Carter Niemeyer reads through notes in one of his personal journals that serves as a record of his daily activities while working for Wildlife Services and other federal agencies. Photo courtesy Carter Niemeyer.

A lanky farm kid from Iowa by origin, Niemeyer, who stands 6’5” tall, grew up hunting, fishing and trapping. “I was a hardcore trapper,” the 77-year-old who now lives in Idaho, says. “I loved it and I like to think I was pretty good at it. I must have been, because that’s why I was recruited to do what I did.”

After earning two degrees from Iowa State University, Niemeyer moved West in the 1970s. His trapping skills were put to use on behalf of livestock interests who often turned to Wildlife Services, a division within the federal Animal and Plant Health Inspection Service which is itself an agency inside the US Department of Agriculture.

Quickly, Niemeyer gained a positive reputation among ranchers and farmers for being very good at fulfilling his primary duty: killing wildlife that represented a perceived threat to cattle, sheep, chickens and other domestic creatures. He carried on a tradition brought to the West by settlers and which had been imported from Europe—and it resulted, by the mid 20th century, in the decimation of many native animals labeled a threat to non-native livestock. “We destroyed our natural heritage on millions of acres of the West in order for people to raise cattle and sheep,” he says. “We destroyed bison because they were perceived to be competitors to grass and then we annihilated wolves, grizzlies, black bears, mountain lions and coyotes—millions of animals in total—because someone determined that no loss of livestock was acceptable.”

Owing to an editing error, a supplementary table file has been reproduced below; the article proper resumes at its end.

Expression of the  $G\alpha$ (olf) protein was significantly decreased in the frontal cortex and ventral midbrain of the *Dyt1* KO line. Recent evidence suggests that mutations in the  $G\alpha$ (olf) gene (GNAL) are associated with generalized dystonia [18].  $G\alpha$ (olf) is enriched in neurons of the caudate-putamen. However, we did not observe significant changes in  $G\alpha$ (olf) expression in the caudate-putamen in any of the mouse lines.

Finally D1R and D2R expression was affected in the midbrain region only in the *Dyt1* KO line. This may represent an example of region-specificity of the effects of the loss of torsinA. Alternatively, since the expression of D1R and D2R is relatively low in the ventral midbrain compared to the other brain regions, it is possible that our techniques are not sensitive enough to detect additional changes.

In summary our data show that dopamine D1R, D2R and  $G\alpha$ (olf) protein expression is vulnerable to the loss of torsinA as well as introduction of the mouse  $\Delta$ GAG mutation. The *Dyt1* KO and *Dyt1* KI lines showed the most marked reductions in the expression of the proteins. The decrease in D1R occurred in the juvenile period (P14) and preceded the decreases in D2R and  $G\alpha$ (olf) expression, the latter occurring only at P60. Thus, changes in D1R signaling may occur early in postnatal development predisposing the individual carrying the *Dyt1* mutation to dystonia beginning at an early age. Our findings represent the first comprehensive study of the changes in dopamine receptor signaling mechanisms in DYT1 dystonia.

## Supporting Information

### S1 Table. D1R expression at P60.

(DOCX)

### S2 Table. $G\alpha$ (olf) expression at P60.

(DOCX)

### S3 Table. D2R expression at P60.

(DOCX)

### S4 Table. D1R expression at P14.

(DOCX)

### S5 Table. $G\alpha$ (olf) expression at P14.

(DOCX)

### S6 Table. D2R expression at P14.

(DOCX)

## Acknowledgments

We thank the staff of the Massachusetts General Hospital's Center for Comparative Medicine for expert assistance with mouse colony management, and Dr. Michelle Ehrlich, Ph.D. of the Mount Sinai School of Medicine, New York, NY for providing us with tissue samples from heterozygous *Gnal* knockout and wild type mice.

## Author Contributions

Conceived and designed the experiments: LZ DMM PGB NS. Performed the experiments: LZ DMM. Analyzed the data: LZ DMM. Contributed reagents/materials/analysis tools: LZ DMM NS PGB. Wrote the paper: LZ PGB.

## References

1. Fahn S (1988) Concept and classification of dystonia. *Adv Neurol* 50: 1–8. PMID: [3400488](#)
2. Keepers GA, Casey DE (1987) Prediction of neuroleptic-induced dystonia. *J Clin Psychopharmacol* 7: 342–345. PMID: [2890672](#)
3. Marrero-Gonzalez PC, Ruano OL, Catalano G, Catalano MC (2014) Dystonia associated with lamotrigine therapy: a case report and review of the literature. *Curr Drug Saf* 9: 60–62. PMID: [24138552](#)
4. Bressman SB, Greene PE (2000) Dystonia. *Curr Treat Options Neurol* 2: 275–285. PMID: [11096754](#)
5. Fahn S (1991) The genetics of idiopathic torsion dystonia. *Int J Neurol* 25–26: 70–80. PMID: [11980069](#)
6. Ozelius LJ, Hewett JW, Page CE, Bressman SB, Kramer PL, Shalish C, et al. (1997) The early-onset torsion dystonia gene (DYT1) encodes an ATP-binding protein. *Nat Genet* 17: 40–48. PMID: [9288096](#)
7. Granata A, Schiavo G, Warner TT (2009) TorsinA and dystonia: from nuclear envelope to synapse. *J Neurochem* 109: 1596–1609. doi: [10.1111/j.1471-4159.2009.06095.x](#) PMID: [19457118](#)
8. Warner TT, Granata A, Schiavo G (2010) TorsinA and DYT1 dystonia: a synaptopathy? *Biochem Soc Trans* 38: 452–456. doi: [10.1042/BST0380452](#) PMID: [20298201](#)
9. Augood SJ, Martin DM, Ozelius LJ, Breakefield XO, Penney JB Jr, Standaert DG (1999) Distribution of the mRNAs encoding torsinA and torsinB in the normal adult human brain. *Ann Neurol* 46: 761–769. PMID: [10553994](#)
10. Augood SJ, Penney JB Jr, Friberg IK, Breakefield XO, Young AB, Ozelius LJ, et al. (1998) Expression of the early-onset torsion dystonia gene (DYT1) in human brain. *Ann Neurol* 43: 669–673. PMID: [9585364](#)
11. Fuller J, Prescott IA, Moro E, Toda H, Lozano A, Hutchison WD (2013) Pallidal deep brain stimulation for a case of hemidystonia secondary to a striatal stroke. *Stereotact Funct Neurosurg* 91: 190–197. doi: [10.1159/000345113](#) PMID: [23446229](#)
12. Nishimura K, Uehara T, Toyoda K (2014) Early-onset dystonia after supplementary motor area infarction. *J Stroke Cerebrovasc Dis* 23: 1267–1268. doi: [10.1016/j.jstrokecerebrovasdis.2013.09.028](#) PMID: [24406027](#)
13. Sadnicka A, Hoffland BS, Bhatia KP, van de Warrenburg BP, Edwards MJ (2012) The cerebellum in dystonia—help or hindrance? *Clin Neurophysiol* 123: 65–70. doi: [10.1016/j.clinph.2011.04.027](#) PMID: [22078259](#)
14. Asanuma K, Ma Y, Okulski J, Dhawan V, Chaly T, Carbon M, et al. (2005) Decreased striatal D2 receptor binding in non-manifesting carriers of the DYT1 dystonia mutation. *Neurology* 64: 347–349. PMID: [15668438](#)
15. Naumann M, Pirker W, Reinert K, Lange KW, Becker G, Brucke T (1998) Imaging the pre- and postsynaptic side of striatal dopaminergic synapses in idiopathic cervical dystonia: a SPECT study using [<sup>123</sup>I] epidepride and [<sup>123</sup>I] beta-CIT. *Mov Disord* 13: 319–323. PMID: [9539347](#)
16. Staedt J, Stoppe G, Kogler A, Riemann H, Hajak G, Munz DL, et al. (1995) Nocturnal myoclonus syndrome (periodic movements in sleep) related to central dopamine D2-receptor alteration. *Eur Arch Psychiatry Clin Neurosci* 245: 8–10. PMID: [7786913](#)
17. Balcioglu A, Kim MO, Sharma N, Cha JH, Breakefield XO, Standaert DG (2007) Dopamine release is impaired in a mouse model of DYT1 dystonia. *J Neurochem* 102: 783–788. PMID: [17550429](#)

Quickly, Niemeyer gained a reputation for being very good at fulfilling his primary duty: killing wildlife that represented a perceived threat to cattle, sheep, chickens and other domestic creatures. He carried on a tradition brought to the West by settlers and which had been imported from Europe—and it resulted, by the mid 20th century, in the decimation of many native animals labeled a threat to non-native livestock.

Niemeyer conducted his work on both private and public land. The tools of the trade, sanctioned by his federal employer, were: leghold traps, body-crushing conibears, snares, poison baits including devices that dispense ultra-toxic sodium cyanide, and small aircraft and helicopters enlisted foremost for aerial gunning of coyotes.